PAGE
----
You hear a lot about periodization training. If you do Crossfit, Then you most likely hear negative things about periodization, how it is the “enemy” and “variation is your friend” and so on. Well I have a newsflash for you: You don’t get really really strong by doing constantly varied workouts. If you think that all of those elite Games athletes are just doing random workouts every day, then you are just kidding yourself.
There is nothing wrong with constantly varying workouts, if that is what you are into, just don’t fall for the “muscle confusion” myth (your muscles don’t each have a brain). According to a 12 week study conducted at the University of Alberta, strength training protocols were tested in 3 groups: a control group, a periodization group and a constantly varied group. The results are not too surprising for those that understand the benefits of periodization.
There is currently no consensus on what the ideal strength training program is. But it typically involves resistance training exercises, which includes free weight exercises, and it is widely accepted that periodization in some form is the most effective.
Periodization is a training scheme where planned variations in training variables (e.g., number of sets and repetitions, exercise order, load, and rest) are manipulated in a manner that increases the ability of a person to achieve specific performance goals (e.g., strength). It is based on the overload principle and attempts to maximize the use of physical stress and recovery time by manipulating volume and intensity to facilitate important neuromuscular adaptation” (Apel, Jytte M)
The study compared 2 primary models of periodization: a Traditional (TD) and a Weekly Undulating Periodization (WUD).
TD uses a linear periodization in 3 cycles. Within each cycle, there is an initial training volume at a moderate intensity progressing to an increase in intensity and a decrease in volume.
In contrast, WUD relies on more irregular manipulation of volume and intensity across the cycle of training. This type of training has short periods of high-volume training alternated with short periods of high intensity training, all potentially within 1 week.
The test was conducted on 42 males, ages between 22-26. All test subjects were healthy, recreationally active men who had previous lifting experience. They were assigned groups of TD and WUD.
Both groups spent the first 3 weeks on the same programming, which included back squat, bench press, shoulder press (with both dumbbell and barbell). After 3 weeks, both groups split off and began their TD and WUD training programming, starting with 3x a week, then increasing to 4x a week.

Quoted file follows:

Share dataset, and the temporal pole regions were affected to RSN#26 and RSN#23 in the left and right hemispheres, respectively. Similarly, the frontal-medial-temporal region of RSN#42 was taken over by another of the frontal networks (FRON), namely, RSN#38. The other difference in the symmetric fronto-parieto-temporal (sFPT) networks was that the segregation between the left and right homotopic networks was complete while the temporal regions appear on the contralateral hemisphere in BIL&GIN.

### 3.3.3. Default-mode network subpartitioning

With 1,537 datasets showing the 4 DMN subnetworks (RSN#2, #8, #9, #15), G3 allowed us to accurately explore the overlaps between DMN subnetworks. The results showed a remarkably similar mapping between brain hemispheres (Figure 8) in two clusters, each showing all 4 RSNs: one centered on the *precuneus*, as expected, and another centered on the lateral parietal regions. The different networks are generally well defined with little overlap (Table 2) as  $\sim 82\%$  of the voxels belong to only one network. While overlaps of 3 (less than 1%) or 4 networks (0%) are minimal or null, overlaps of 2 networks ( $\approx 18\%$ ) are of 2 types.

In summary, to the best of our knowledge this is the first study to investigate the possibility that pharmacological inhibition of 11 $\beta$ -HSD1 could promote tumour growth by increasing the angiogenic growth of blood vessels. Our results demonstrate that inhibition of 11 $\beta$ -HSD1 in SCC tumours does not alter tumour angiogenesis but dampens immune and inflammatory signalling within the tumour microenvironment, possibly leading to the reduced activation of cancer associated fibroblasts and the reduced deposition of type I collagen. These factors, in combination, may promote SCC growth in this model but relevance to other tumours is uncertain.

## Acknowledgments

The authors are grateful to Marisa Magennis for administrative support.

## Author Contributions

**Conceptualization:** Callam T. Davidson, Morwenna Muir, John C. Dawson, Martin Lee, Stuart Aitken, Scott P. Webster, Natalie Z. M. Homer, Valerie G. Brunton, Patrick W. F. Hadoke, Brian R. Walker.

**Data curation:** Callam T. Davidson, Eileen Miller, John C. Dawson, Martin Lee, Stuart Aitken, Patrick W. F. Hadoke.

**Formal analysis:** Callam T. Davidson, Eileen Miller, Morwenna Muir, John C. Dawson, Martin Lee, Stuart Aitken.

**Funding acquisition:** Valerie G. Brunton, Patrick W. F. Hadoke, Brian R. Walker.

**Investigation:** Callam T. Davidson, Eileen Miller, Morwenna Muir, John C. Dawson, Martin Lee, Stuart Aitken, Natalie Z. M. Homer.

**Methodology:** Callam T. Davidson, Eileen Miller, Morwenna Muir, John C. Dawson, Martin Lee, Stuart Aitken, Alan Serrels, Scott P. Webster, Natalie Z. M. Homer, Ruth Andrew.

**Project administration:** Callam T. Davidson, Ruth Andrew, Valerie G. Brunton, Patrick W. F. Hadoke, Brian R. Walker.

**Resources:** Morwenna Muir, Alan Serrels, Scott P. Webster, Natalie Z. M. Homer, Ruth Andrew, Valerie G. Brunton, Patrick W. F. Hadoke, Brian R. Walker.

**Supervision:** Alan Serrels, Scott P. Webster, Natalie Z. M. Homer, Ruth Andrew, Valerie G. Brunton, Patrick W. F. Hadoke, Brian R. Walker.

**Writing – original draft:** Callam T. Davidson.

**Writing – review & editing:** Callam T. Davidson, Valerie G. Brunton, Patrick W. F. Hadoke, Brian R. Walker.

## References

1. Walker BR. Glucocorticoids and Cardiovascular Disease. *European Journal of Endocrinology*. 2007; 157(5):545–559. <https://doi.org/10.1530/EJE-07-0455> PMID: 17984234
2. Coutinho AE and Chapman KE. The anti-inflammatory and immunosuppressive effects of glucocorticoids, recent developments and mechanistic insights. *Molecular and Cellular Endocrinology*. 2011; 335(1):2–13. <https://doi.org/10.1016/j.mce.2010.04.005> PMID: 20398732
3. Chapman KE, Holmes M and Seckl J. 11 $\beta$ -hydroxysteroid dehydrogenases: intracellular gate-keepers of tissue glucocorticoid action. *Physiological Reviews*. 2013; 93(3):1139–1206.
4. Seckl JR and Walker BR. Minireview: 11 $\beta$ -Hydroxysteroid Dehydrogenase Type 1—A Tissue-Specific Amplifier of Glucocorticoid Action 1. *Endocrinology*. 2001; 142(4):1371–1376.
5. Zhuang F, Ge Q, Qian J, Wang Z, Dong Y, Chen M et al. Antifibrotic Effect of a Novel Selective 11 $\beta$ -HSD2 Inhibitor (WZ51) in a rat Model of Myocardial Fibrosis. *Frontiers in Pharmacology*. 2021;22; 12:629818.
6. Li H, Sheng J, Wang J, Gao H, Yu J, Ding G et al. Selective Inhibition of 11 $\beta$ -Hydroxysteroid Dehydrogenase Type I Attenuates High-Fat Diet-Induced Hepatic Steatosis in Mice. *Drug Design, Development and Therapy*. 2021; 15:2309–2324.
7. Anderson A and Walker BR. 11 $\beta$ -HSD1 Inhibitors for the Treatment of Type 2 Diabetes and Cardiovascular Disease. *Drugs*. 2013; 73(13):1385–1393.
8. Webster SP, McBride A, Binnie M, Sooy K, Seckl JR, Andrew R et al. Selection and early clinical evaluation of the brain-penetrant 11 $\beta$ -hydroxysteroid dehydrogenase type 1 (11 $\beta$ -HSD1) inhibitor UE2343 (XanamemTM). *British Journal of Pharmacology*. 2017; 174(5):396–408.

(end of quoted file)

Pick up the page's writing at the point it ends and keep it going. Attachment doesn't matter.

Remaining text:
The TD program used a gradual linear increase in intensity from weeks 5-8, then a gradual increase in intensity from weeks 9-11, with testing taking place in week 12. The TD used a linear increase in intensity from week to week.
The WUD program used a fixed sequence that was applied to all WUD subjects. Weeks 5-9 contained the greatest average intensity (79-80% of 1RM) with the lowest average intensity found in weeks 6 and 11 (73-75% of 1RM). The WUD program used a non-linear format.
While all subjects showed a substantial increase in strength from weeks 8-11, overall the TD showed a significantly greater improvement in strength compared to the WUD for back squat, bench press and lat pull down. However, the WUD showed a greater improvement in leg extension. The findings also showed that by week 12, the TD was still making significant gains, while the WUD gains were marginal.
The purpose of the study was to determine whether TD or WUD strength training would elicit greater strength gains over 12 weeks of training on previously weight-trained men. The results showed that the TD group increased baseline strength by an average of 38.6%, while the WUD group increased strength by 26.9%. Thus, TD periodization was more successful at increasing muscular strength by week 12 than WUD programming.
Again, this isn’t to say that WUD programming is bad, it is what I started with. I actually think it’s beneficial to switch it up because life is varied and doesn’t adhere to a program. However if pure strength gains are what you desire, then a traditional periodization program is what you need to be on. I am currently on the Texas Method, we will see what types of gains I make!
A Comparison of Traditional and Weekly Undulating Periodized Strength Training Programs With Total Volume and Intensity Equated
Apel, Jytte M; Lacey, Ryan M; Kell, Robert T
Augustana Faculty, Department of Social Sciences, University of Alberta, Augustana Campus, Camrose, Alberta T4V 2R3, Canada; and Results Training & Fitness, Regina, Saskatchewan, Canada
Address correspondence to Dr. Robert Kell, email@example.com.